Pacino + De Niro + One Last Score = L.A. Bromance


by John S.

Scarecrow’s crosscut theme this month is “The Last Time.” When it comes to cinematic tropes, the two most common ones under this category are “One Last Party” and “One Last Score.” Examples of the former include Bachelor Party, Can’t Hardly Wait, American Graffiti, and Take Me Home Tonight, all stories wherein young folk engage in one last Bacchanalian orgy of fun and booze and shenanigans before, I guess, growing up and becoming boring.

Movies that fall under the latter category, however, are usually centered on a heist or other illegal activity which the protagonist is pulling off “one last time” before walking off into the sunset. Except it hardly ever pans out so simply. A prime example of the “One Last Score” sub-genre is Heat, which pairs screen legends Al Pacino and Robert De Niro and allows them to share scenes (however few) for the first time. Pacino and De Niro had been in The Godfather 2 but their characters never interacted. In Heat, however, they are very much on each other’s minds and eventually intersect. It’s basically Sleepless in Seattle. But in Los Angeles. With two heavily armed men.

Pacino plays Vincent Hannah, a bombastic showboat of a detective on the LAPD payroll for whom over-the-top is just the right height. Anyway, Vincent is one of those workaholic law enforcement types who lives for his job and not much else. Sure, he has a wife in Justine (Diane Venora) and a sweet stepdaughter in Lauren (Natalie Portman), but he’s really committed to his caseload. Particularly an intriguing one that has  recently landed on his desk.


An armored truck robbery has gone messily south on Vincent’s turf and he suspects the perps will strike again soon. As he goes around Los Angeles noisily chasing down leads to crack the case, we get to observe his criminal target quietly going about setting up the next job. He is Neil McCauley (Robert De Niro), and he’s gotten tired of a life of heists and takedowns, however profitable it may be. A lot of this may have to do with Neil’s chance encounter with Eady (Amy Brenneman), a sweet and unassuming graphic designer/bookseller who makes Neil think that maybe, just maybe, he can have a happy ending, too. Pretty soon, it’s looking like “the next job” is actually going to be “the last job” for Neil before eloping with Eady to New Zealand or something. Problem is, Eady thinks Neil is just a traveling salesman. Methinks there will be one awkward conversation in Neil and Eady’s very near-future.

In between Vincent shaking down informants by doing painful Colonel Frank Slade impersonations (you half-expect Chris O’Donnell to show up looking all concerned), Neil and his crew continue to patiently set the stage for “The Last Time.” This will involve the robbery of a bank on Wilshire Boulevard in broad daylight. Any patrons planning a quick lunchtime transaction are in for a very unpleasant surprise and better plan for delays.

Neil’s crew includes Michael Cerrito (Tom Sizemore), Trejo (Danny Trejo), and Chris Shiherlis (Val Kilmer). Like Vincent and Neil, Chris is also having domestic problems. It seems his wife Charlene (Ashley Judd) is also getting tired of this life of crime. Well, actually, she is okay with the “crime” part, but has an issue with Chris consistently flushing their haul down the toilet through gambling and doing blow.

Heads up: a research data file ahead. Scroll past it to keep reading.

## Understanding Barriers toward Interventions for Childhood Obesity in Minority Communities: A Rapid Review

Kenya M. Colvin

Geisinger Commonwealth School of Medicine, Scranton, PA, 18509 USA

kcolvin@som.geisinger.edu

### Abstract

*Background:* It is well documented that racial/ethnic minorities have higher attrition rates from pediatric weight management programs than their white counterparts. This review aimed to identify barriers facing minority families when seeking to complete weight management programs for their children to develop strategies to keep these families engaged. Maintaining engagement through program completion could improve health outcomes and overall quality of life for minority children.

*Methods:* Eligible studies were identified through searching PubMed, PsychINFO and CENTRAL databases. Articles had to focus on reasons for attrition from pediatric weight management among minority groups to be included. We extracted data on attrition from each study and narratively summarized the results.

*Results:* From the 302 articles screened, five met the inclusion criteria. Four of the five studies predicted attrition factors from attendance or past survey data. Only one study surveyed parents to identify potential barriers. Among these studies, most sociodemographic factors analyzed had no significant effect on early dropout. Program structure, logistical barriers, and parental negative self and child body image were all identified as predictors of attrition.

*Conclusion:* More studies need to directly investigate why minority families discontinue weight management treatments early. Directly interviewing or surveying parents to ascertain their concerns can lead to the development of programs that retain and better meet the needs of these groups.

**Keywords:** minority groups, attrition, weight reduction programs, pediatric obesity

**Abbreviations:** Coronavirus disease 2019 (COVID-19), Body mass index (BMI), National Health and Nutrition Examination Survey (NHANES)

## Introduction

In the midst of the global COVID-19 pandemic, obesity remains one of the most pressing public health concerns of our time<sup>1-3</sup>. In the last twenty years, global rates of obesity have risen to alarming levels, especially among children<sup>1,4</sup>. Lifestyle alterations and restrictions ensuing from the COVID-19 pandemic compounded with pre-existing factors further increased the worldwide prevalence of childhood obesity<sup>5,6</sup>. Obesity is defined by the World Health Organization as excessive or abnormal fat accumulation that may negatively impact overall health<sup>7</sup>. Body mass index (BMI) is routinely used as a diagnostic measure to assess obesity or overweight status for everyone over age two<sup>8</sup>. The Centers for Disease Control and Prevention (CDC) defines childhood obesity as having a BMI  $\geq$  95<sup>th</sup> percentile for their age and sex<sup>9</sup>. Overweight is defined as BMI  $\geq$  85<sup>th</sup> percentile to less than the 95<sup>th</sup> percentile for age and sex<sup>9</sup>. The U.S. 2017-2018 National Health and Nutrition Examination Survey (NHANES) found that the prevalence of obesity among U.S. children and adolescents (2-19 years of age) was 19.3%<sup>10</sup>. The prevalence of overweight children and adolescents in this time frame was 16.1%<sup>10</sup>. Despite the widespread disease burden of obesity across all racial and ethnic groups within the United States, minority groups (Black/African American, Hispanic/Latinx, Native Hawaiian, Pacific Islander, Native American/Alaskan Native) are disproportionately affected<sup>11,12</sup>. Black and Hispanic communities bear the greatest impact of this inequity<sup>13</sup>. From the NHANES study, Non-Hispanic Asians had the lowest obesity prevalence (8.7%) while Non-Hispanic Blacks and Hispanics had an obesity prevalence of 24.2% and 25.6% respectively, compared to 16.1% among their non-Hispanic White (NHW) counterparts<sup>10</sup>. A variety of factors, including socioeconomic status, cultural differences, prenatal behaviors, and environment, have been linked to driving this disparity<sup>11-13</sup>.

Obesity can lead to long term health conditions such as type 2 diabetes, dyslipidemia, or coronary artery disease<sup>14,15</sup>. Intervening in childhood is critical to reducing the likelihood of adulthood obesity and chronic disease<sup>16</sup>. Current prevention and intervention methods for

The centerpiece of Heat is a scene wherein Vincent and Neil eventually meet and have a coffee break. This sequence is historically significant because of the reasons mentioned earlier. However, If you are expecting anything exciting to happen, forget it. It’s just “bro talk” about how horrible Vincent’s love life is and how Neil’s is fraught with secrets and lies. A bit of “fair warning” dialogue also occurs in which the ending is foreshadowed. It eventually all comes to a head, so to speak, on the fateful day of the bank robbery. Basically, Vincent’s team (which has received a tip from a disgruntled ex-member of Neil’s posse) and Neil’s posse (which probably should do a better job of cleaning up loose ends) run into each other in the worst way possible outside the bank – and major fireworks ensue.


Bottom line: Heat is the perfect “One Last Score” movie because there are major stakes for everyone involved. This ongoing element of danger and inevitability is present even in the quieter scenes, mainly due to how director Michael Mann tells the story. The city of Los Angeles is just as much a character in this flick as the men and women who populate it. The way Mann films it, L.A. is by turns seductive and sinister. He clearly loves the place and captures its hypnotic, contradictory nature. Like his Cinematic Soul Brother, Ridley Scott, Mann understands that visuals and atmosphere can enrich story and character.

Mann is also aided immeasurably by a stellar cast. Almost everyone is uniformly on their game. The only occasional mis-step comes from Pacino when he goes a little too broad and ostentatious. He’s best when he allows Vincent weariness to seep through, as with his scene with Justine after the party where they realize it’s just not in the cards for them. As for De Niro, well, this is one of his best performances and he makes Neil McCauley a very empathetic anti-hero, despite his actions. You know a “One Last Score” flick is powerful when you are genuinely afraid the “baddie” will not get away with it and have his happy ending. Neil’s relationship with Eady is the quiet engine that powers the whole movie around it. Without it, there would be no sense of loss at the end.


John S. is a Scarecrow volunteer who loves James Bond, Jason Bourne, Italian Gialli, Dario Argento, Hitchcock, Ridley Scott, Peanut M&Ms with popcorn, Julia Roberts in PRETTY WOMAN, Theo James in anything, HALLOWEEN (movie and holiday), Scarecrow Video, Russell Crowe as a villain, strawberry soda, and Karaoke – not necessarily in that order.

Content Archives